World Food Day is celebrated on 16th October every year, even in these unprecedented times. The aim is to raise awareness that everybody – food producers and consumers alike – have an important role to play to ensure nutritious food is available to everyone across the world.
As consumers we can influence what food is produced by making healthy, sustainable choices. To learn about how our daily choices can have a positive impact visit the United Nation’s World Food Day website.
For children, the first step in making the best choices is understanding where their food comes from. Advances in technology mean that with every generation we become further and further removed from the source of our food.
Here we share some enjoyable ways to teach your child how food gets from farm to fork.
Grow your own fruit and vegetables
Children love sowing seeds, looking after plants and eating what they have grown themselves.
To begin with choose food that is quick and easy to grow such as herbs see ‘How to make a herb garden’. Once interest is sparked your child could grow courgettes (these are very easy to grow), tomatoes, mange tout, green beans, butternut squash, strawberries and raspberries. Even in autumn and winter there is plenty to grow!
Involve your child in picking and preparing their fruit and vegetables. They could make a pizza from home grown tomatoes and basil, or pies and smoothies from strawberries and raspberries. Your child might eat some of their produce straight from the plant or in a salad.
Pick your own
This is an activity to save until late summer. Pick blackberries – remembering not to pick blackberries from near roadsides or near to the ground. Apart from blackberry crumbles and pies your child could make summer pudding, ice cream, jelly and sorbet or eat blackberries as they are. There are lots of recipes online.
Pick-your-own farms are a fun and cheap day out. You can pick strawberries, raspberries, gooseberries, redcurrants and more – depending upon your closest farm. Type ‘nearest pick your own fruit’ into Google.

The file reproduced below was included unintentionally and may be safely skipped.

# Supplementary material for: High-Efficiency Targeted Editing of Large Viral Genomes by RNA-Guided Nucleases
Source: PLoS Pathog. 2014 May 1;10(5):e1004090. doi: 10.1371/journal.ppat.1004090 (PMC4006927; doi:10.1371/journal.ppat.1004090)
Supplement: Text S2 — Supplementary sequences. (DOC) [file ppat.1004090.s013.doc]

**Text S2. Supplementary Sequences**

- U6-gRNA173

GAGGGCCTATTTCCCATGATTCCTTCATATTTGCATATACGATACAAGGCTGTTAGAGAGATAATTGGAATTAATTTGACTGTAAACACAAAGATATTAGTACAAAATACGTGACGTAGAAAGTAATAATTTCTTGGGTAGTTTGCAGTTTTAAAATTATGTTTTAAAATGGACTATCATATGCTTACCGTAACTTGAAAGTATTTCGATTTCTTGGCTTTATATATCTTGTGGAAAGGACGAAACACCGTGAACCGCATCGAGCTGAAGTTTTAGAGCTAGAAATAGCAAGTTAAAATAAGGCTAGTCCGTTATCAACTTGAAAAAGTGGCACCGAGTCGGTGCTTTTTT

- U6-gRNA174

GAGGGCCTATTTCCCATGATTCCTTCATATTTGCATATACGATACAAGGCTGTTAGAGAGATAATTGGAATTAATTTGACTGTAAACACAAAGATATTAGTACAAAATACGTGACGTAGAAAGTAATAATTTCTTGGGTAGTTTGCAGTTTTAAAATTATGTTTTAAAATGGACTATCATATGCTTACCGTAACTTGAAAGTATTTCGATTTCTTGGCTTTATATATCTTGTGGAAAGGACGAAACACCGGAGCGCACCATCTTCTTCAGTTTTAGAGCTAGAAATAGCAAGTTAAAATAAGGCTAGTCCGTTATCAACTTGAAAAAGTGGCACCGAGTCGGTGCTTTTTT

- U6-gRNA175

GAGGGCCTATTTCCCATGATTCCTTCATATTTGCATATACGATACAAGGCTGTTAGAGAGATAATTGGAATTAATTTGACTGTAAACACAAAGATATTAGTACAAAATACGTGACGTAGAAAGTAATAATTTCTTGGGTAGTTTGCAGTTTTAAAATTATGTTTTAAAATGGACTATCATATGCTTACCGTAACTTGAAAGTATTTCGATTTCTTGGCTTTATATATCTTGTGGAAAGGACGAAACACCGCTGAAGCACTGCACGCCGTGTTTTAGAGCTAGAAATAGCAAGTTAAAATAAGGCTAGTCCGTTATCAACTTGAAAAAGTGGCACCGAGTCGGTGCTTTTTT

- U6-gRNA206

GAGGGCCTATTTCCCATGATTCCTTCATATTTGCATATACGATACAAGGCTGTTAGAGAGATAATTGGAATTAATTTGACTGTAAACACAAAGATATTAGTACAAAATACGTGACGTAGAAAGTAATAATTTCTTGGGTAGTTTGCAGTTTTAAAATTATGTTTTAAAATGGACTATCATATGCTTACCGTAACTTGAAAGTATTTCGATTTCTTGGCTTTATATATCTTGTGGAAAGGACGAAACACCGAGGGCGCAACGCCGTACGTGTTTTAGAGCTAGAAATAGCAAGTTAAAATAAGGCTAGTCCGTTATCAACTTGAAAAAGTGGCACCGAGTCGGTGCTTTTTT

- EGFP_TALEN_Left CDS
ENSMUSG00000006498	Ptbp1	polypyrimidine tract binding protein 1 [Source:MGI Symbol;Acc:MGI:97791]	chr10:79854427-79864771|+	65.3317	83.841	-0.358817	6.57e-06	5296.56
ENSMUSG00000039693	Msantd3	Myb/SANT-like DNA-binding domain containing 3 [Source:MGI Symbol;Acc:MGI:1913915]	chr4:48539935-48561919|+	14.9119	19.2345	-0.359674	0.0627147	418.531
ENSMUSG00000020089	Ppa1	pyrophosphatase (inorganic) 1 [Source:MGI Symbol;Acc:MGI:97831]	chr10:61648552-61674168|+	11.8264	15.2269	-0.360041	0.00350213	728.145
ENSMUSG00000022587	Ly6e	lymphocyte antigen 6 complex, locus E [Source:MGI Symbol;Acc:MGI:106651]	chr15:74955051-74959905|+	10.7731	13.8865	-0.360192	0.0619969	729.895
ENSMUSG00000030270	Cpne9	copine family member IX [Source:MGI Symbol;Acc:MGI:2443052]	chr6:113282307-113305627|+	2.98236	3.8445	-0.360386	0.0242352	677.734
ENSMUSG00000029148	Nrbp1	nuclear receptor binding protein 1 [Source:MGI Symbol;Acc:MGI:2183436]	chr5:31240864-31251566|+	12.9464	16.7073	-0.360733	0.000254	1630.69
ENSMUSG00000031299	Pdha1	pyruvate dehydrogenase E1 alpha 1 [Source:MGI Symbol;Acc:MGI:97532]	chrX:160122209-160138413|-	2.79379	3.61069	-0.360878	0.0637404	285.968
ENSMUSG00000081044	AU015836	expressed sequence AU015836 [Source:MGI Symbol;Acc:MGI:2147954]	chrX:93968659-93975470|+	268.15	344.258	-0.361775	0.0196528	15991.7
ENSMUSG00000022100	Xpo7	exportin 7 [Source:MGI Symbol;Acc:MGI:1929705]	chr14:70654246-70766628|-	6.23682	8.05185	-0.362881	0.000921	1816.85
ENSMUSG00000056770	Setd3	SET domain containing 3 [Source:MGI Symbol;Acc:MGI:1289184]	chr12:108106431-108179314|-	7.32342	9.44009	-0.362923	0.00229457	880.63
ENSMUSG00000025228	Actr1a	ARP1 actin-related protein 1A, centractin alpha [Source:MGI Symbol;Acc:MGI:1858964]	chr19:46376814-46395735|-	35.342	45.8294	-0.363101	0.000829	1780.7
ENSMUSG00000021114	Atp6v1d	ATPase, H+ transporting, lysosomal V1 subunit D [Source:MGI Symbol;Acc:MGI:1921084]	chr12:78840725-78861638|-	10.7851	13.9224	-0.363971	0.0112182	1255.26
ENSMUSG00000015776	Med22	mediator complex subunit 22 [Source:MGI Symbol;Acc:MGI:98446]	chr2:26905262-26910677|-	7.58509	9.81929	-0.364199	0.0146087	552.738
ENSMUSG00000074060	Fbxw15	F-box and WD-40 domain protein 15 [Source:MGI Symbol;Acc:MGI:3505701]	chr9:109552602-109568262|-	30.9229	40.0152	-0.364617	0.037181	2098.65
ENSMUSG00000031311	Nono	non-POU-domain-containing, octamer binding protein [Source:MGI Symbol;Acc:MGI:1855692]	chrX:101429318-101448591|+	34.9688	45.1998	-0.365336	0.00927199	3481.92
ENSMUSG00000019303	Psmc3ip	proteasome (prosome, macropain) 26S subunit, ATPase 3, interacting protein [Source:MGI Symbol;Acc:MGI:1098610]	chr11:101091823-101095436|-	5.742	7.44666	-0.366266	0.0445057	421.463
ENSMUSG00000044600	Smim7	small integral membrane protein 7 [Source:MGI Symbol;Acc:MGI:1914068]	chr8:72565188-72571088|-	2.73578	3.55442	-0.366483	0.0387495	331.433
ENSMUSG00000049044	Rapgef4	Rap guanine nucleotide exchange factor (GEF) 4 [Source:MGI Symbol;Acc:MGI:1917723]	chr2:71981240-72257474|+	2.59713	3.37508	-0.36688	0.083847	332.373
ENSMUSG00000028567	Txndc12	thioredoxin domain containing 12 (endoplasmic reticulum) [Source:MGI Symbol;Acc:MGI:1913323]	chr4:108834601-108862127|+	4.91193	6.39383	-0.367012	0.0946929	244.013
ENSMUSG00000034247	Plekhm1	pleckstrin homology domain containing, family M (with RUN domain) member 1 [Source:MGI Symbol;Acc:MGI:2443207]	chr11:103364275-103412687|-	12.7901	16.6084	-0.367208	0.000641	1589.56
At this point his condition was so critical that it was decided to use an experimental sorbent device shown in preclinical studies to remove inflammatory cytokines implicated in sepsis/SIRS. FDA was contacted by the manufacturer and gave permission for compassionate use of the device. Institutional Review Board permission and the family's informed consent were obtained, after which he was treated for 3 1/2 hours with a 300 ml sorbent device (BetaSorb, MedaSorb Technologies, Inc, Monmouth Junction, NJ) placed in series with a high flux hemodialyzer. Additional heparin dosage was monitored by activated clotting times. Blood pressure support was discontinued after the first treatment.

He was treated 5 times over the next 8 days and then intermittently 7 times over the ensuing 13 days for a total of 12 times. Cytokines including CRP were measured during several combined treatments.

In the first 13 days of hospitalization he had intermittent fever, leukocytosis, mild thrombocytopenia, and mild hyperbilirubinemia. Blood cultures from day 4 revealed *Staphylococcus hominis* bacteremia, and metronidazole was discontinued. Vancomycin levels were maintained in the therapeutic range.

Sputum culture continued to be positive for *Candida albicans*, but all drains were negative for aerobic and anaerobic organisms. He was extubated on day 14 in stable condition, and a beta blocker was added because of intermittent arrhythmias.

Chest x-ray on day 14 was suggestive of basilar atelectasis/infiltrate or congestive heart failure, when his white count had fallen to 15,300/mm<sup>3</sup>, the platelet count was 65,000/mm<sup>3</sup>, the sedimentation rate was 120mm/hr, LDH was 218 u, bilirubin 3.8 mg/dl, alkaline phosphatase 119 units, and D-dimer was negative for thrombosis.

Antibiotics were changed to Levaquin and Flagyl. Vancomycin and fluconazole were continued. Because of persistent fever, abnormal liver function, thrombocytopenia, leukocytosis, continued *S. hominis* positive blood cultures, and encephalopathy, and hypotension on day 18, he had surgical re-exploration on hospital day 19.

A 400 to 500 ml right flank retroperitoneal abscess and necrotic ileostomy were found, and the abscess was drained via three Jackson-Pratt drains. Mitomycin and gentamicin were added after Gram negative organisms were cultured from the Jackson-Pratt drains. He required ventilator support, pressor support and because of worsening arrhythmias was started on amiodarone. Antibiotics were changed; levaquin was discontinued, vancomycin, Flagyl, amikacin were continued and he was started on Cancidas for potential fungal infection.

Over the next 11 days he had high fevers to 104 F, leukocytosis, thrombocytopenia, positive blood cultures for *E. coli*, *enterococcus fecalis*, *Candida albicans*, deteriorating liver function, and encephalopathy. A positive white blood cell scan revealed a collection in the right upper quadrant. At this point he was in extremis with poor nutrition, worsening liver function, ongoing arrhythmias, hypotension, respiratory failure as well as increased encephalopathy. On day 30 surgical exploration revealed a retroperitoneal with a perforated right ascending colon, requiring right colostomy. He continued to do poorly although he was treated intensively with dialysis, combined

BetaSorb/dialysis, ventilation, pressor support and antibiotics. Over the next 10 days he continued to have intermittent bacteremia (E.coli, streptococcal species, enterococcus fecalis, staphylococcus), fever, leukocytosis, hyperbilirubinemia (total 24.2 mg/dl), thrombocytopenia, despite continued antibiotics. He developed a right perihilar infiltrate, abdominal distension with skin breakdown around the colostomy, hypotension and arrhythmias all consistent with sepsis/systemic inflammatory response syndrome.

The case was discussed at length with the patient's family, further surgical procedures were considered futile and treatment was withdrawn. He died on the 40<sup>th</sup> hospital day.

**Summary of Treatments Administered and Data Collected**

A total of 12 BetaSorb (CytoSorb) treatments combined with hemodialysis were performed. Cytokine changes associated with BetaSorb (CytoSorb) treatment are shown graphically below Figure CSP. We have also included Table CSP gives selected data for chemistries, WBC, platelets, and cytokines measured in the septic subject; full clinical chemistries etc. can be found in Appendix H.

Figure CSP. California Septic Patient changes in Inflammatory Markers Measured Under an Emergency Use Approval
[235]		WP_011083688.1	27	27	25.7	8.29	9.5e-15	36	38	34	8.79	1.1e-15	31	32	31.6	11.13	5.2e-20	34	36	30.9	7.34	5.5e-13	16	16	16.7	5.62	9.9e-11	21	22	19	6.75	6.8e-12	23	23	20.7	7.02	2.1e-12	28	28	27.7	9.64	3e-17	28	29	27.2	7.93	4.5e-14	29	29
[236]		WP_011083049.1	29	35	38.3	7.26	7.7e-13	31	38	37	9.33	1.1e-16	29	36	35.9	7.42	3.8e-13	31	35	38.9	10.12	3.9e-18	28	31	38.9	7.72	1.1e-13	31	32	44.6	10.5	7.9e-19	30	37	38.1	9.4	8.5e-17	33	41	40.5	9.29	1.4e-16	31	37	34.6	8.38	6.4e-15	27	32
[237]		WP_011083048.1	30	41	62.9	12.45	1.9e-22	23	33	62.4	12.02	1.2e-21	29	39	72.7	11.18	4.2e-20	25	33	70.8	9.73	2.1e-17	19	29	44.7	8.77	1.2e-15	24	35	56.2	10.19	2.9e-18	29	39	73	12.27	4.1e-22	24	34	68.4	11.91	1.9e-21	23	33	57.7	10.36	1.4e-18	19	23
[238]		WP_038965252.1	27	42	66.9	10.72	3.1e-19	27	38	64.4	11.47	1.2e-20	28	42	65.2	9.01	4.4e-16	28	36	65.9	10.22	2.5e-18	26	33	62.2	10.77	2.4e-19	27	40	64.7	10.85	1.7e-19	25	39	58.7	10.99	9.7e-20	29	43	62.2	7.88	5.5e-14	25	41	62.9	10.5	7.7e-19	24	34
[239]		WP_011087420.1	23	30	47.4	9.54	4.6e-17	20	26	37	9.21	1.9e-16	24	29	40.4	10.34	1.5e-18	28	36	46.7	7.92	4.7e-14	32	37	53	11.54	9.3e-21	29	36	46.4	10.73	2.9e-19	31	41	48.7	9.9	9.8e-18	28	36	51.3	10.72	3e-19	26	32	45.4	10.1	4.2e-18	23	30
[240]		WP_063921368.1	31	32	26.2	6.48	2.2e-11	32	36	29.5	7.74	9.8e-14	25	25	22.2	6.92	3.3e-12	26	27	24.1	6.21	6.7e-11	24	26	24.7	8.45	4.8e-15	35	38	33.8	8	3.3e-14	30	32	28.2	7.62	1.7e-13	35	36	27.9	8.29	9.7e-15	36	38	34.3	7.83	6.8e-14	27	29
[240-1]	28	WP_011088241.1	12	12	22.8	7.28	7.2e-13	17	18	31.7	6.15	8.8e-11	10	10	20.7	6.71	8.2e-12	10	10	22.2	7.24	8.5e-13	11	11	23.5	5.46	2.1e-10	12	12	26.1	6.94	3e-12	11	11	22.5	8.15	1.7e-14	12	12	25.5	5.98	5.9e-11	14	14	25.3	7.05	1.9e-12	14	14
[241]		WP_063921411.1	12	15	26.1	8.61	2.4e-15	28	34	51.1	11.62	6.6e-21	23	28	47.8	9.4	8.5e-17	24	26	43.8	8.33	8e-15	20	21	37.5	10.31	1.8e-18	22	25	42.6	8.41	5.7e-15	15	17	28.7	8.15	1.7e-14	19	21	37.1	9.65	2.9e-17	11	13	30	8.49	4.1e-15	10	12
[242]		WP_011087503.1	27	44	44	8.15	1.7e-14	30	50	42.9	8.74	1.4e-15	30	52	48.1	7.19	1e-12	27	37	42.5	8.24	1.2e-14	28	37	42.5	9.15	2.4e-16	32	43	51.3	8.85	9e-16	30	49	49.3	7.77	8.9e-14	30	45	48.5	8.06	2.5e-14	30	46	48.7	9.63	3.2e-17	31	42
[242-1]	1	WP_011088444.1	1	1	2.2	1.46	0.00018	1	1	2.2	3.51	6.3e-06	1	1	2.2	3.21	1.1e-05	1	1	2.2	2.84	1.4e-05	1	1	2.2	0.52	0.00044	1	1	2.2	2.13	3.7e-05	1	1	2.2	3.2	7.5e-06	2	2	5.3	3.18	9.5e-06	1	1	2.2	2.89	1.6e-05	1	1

Read food books
There are some fantastic books that spark children’s interest in the connection between nature and food, and the importance of healthy eating. These are our favourites:
How Did That Get in My Lunchbox: The Story of Food by Chris Butterworth
Looking at all the food in a child’s lunchbox and how it got there. Where did the chocolate in the biscuit come from? Who made the bread for the sandwich? This book looks at the steps involved in producing some foods e.g. planting wheat and mixing flour into dough to make bread. There are also healthy eating tips and an introduction to food groups is included.
I don’t Like Salad! by Tony Ross
The Little Princess does not like salad, especially tomatoes. She changes her mind when she is given some tomato seeds to grow and sees the first shoots appear.
Pancakes, Pancakes! by Eric Carle
Jack wakes up very hungry – he wants a pancake! But first his mother needs flour from the mill, an egg from the hen, milk from the cow, butter churned from cream and firewood for the stove. Will Jack help his mother and get his pancake?
See Inside: Where Food Comes From by Emily Bone and Peter Allen
Children lift flaps to find out what food is produced in greenhouses, on farms and in the sea. There is a map with flaps showing where chocolate, tea and other things we enjoy come from. Children discover the importance of corn, rice and wheat around the world.
Encourage your child to look at the labels on the food they eat to see where is has come from. They could find places on a world map and use the internet to research the journey their food has had from source to plate.
Visit farm shops or markets with your child to find out what is seasonal and talk to them about what ‘seasonal’ and ‘sustainable’ mean. The World Food Day website is a great source of information.
Visit a Farm
Whether you visit a city farm or a farm in the country this is a great way to show your child where their food comes from. Some farms allow children to feed lambs, collect eggs, stroke sheep and even to see cows being milked and cheese being made.
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